EMALS Ends an Era in Carrier Launch Operations

Beginning with the U.S.S. Gerald R. Ford (CVN 78), steam catapults will be replaced on aircraft carriers with the Electromagnetic Aircraft Launching System (EMALS). The steam catapult was developed by the British after World War II, but found its home on American carriers beginning with U.S.S. Hancock (CVA 19), which had the technology retrofitted in 1951.

Since that time, the steam catapult was retrofitted on every attack aircraft carrier and became standard equipment on every class of carrier built after that time. The importance of the steam catapult for carrier operations cannot be overemphasized. Prior to its adoption by the fleet, large aircraft with heavy payloads could not be launched from flight decks. The workhorse aircraft of the Cold War, Vietnam and modern Navy would have been unable to deploy from the largest super carriers without the steam catapult.

Technology has finally created an alternate means of powering the catapult. EMALS has been under development for the last 25 years and although there are still teething problems, the technology has been successfully tested on the first Ford-class carrier.

Computer model of the new EMALS system
Computer model of the new EMALS system

EMALS uses an electromagnetic surge to launch planes through the use of an armature. It is more efficient, quieter and smaller than the steam-powered piston used on older carriers. The amount of thrust can also be more easily controlled, allowing drones to be launched from carriers as well as aircraft.

Although there are no plans to retrofit the catapults on earlier members of the Nimitz-class carriers, EMALS will be used on all future ships of the Ford-class and, if the longevity of the steam catapult is anything to go by, the next follow on class of super carriers.

The June failure of the EMALS system on the Ford raised a number of concerns about the viability of the program. The problems, however, were found not to be with the system but with the way the system communicates with its components.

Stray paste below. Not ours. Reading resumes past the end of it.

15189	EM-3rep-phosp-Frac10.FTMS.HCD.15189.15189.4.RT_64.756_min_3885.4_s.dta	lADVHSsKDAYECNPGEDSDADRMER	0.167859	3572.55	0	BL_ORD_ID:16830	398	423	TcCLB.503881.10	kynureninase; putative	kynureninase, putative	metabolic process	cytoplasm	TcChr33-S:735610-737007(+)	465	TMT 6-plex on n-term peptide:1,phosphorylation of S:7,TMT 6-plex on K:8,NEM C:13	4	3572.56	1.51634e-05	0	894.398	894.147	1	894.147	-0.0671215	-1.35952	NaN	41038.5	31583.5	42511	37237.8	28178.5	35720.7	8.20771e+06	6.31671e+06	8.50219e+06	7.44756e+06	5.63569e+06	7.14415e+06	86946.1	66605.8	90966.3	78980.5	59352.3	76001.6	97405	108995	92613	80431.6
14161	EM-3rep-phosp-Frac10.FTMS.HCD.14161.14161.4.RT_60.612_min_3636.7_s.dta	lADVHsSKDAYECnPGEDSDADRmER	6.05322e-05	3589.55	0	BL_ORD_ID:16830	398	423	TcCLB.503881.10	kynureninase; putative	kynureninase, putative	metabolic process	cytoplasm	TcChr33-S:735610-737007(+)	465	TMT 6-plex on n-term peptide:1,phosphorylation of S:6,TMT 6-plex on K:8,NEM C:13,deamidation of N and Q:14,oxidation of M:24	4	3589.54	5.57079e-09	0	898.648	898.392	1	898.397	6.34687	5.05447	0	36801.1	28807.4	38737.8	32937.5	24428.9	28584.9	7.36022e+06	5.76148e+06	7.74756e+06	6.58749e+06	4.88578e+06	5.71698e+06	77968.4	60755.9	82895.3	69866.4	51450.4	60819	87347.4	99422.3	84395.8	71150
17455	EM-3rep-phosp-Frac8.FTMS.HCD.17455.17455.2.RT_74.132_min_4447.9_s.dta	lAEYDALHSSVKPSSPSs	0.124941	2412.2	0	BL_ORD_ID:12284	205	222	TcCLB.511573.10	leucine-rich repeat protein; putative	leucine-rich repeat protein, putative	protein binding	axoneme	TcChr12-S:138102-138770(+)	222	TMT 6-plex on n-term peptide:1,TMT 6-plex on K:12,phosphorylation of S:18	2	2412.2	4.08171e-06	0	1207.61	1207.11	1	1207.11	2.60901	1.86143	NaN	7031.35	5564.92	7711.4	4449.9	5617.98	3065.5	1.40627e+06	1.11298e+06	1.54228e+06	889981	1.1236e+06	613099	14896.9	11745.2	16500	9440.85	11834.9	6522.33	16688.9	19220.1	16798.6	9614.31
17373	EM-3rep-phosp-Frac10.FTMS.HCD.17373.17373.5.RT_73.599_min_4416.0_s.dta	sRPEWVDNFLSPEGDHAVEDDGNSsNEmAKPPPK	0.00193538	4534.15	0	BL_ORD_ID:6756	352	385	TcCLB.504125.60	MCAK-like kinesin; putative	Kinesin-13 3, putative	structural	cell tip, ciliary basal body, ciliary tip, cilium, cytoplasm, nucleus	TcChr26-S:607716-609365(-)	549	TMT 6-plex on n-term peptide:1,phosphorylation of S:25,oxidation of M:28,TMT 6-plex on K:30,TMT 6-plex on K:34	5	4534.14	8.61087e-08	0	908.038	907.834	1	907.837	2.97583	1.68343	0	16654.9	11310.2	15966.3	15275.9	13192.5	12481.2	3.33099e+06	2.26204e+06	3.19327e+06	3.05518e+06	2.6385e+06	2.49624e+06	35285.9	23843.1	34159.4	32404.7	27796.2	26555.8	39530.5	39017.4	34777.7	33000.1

“We would have liked to have seen this shoot today,” Capt. John Meier, Ford’s commanding officer, said at the time. “I’m certainly not disappointed in where we are in the test program. … I think that what we have today is a minor setback to the test program. We will get back on track [and] our team knows that. As a matter of fact, you don’t see them around right now because they are getting after it.”

The successful test later that month saw the EMALS launch a deadweight sled off of the bow of the Ford.

Disclaimer: The content in this article is the opinion of the writer and does not necessarily reflect the policies or opinions of US Patriot Tactical.

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Matt Towns

Matt is a former military journalist who spent 10 years in the US Navy. He served in various posts during his career, including a couple of deployments on the USS Valley Forge (CG-50). After leaving the Navy, he worked in management for a number of years before opening his own businesses. He ran those businesses until 2012 when he chose to leave the retail industry and return to writing. Matt currently works as a freelance writer, contributing to the US Patriot blog and other websites about political affairs, military activities and sailing.
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